Results 1-3of 3 Reviews
October 11, 2006
From journal Mass.-- East Coast Summer I
Bayside, New York
January 20, 2002
The memorial in Boston is simple, yet majestic in its brevity. As far as memorials go, I have seen the one in Washington DC which is a totally devastating experience of 5 hours; there is also a smaller, but very poignant one in Ft. Lauderdale. This memorial is different in that it is not housed anywhere. It stands freely, in the open, with its etched glass towers which are illuminated at night. The numbers of the six million victims who perished during the Holocaust can be seen on the 54 foot towers, but who can get up that high?
There are 6 towers, each immortalizing the 6 major death camps built and utilized by the Nazis, with Auschwitz as the most infamous and Treblinka not far behind. As you walk through the towers, there is a black granite path which stands between them, bearing the names of the camps. There is a sort of smoldering smoke which rises from the granite floor as well. It is very powerful and evocative in its symbolism. The number 6, as you can see, plays a role in this particular memorial.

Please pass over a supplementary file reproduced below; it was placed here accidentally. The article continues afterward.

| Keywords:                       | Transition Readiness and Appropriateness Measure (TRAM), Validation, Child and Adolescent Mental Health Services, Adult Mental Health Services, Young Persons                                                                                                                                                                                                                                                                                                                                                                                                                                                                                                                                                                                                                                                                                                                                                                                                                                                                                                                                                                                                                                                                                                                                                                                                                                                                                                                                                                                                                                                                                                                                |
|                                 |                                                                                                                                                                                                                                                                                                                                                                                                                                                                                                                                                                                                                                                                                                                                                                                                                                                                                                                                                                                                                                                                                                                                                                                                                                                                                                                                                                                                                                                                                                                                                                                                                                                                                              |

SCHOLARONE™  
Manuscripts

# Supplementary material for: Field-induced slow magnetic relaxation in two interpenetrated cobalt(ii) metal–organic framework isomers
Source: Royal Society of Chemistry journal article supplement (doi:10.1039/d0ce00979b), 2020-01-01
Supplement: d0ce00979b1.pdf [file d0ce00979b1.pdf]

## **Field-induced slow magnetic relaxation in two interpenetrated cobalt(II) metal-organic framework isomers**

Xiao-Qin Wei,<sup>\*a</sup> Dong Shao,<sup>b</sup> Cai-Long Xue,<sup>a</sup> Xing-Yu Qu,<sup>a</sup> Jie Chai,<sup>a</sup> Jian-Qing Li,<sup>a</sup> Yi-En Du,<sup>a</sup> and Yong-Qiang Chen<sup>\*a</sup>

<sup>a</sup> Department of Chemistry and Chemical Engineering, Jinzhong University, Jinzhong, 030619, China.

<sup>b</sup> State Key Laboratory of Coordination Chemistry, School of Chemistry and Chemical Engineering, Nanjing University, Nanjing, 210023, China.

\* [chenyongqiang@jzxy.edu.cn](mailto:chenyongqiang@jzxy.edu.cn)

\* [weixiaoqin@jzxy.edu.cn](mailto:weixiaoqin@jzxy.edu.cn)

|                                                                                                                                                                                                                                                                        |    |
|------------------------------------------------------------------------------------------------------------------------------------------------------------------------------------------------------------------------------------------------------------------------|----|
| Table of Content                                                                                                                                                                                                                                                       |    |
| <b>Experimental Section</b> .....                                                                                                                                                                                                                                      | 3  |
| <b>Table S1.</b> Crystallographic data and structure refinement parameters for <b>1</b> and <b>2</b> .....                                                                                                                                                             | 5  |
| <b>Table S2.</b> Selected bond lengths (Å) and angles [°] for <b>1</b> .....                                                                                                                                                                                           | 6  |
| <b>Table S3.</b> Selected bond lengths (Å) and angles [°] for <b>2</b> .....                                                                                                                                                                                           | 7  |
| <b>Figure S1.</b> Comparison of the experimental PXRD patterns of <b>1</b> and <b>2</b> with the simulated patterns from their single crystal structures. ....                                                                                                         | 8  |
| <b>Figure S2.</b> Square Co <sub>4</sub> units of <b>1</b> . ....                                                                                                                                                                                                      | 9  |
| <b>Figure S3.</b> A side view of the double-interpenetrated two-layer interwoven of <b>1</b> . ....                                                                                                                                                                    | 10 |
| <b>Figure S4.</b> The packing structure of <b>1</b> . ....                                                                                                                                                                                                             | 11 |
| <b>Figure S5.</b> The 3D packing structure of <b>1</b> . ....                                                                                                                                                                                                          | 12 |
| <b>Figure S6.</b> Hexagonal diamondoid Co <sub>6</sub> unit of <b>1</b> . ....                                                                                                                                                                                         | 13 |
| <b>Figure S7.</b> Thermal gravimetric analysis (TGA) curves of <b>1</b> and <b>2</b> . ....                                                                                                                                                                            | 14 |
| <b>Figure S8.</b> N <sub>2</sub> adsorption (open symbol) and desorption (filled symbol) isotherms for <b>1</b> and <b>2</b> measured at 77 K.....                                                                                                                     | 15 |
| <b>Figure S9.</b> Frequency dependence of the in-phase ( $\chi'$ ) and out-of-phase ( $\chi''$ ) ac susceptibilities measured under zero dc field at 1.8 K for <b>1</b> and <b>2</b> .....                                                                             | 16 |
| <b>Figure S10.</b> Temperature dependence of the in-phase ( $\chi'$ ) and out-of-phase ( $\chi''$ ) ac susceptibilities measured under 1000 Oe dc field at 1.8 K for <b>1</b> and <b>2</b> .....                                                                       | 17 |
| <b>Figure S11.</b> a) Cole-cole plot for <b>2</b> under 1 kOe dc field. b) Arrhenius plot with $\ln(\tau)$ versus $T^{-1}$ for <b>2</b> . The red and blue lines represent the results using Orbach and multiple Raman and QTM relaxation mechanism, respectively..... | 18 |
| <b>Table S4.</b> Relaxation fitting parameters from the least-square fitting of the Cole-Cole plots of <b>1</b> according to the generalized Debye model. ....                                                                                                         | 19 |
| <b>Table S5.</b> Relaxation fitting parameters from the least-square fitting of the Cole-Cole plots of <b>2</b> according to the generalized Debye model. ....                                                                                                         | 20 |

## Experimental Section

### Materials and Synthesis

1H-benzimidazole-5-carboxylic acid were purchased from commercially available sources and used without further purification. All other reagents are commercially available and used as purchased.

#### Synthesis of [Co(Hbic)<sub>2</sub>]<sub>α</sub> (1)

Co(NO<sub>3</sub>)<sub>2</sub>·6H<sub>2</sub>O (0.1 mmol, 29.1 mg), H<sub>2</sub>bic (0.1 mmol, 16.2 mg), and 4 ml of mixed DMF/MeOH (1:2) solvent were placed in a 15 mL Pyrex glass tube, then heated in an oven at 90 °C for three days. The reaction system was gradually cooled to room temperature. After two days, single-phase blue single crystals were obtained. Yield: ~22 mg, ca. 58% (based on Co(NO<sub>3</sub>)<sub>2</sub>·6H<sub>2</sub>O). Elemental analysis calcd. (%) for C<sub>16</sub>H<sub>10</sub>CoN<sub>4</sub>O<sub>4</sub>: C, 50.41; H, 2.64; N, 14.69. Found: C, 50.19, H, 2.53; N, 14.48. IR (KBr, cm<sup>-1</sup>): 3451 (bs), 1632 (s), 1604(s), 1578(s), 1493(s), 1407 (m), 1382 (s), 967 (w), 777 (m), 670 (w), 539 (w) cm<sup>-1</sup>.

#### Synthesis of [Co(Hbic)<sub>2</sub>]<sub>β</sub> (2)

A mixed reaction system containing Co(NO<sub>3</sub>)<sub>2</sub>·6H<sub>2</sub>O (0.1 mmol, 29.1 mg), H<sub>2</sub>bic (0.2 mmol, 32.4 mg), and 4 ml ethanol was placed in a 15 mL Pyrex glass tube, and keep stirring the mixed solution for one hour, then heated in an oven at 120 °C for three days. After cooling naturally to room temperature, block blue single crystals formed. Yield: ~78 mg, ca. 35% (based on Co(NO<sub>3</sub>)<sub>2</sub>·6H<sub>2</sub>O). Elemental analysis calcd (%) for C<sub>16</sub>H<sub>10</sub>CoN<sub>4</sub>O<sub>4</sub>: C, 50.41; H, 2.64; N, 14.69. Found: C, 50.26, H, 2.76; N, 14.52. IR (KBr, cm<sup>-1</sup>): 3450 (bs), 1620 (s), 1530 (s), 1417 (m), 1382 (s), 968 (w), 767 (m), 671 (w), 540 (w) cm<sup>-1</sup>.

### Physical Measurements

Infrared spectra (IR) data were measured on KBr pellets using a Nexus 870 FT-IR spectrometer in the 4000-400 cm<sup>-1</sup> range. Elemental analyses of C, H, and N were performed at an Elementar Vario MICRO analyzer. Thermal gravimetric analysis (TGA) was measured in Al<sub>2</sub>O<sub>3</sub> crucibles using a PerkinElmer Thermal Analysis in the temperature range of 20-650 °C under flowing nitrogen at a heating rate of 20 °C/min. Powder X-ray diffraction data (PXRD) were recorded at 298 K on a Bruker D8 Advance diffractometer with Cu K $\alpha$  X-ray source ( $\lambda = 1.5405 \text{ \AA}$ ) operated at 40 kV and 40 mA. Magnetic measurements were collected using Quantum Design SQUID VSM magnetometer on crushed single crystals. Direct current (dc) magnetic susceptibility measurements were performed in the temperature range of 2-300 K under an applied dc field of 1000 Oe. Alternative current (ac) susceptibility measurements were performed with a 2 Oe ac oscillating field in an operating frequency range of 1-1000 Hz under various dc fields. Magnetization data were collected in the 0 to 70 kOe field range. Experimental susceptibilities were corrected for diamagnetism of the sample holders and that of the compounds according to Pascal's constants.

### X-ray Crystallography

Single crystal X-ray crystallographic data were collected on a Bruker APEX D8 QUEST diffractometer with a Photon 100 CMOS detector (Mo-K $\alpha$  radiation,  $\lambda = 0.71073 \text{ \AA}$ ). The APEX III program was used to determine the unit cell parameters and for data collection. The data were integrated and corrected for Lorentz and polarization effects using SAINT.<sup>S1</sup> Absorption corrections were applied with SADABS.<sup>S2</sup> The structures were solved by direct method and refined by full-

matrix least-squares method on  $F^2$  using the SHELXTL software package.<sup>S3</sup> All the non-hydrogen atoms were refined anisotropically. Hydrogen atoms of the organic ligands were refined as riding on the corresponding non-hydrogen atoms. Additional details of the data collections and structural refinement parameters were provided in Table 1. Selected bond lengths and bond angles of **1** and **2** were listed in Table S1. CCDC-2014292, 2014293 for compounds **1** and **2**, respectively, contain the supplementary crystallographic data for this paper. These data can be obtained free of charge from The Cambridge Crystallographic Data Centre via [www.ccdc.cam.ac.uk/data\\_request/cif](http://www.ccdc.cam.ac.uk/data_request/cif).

There is a dedication by Elie Weisel, the incredible Elie Weisel, the survivor. On the sides of the path are plaques with more information and dedications. You will see the word "Remember" as you first walk through the first tower, and again as you exit the last tower. Holocaust survivors who relocated to Boston initiated and supported the project. The photos of the memorial by day and night are taken from the memorial’s website.
If you are interested in delving into this subject more deeply, you should go to: link
From journal Boston Beckons
June 18, 2000
From journal Time Travel in Historic Boston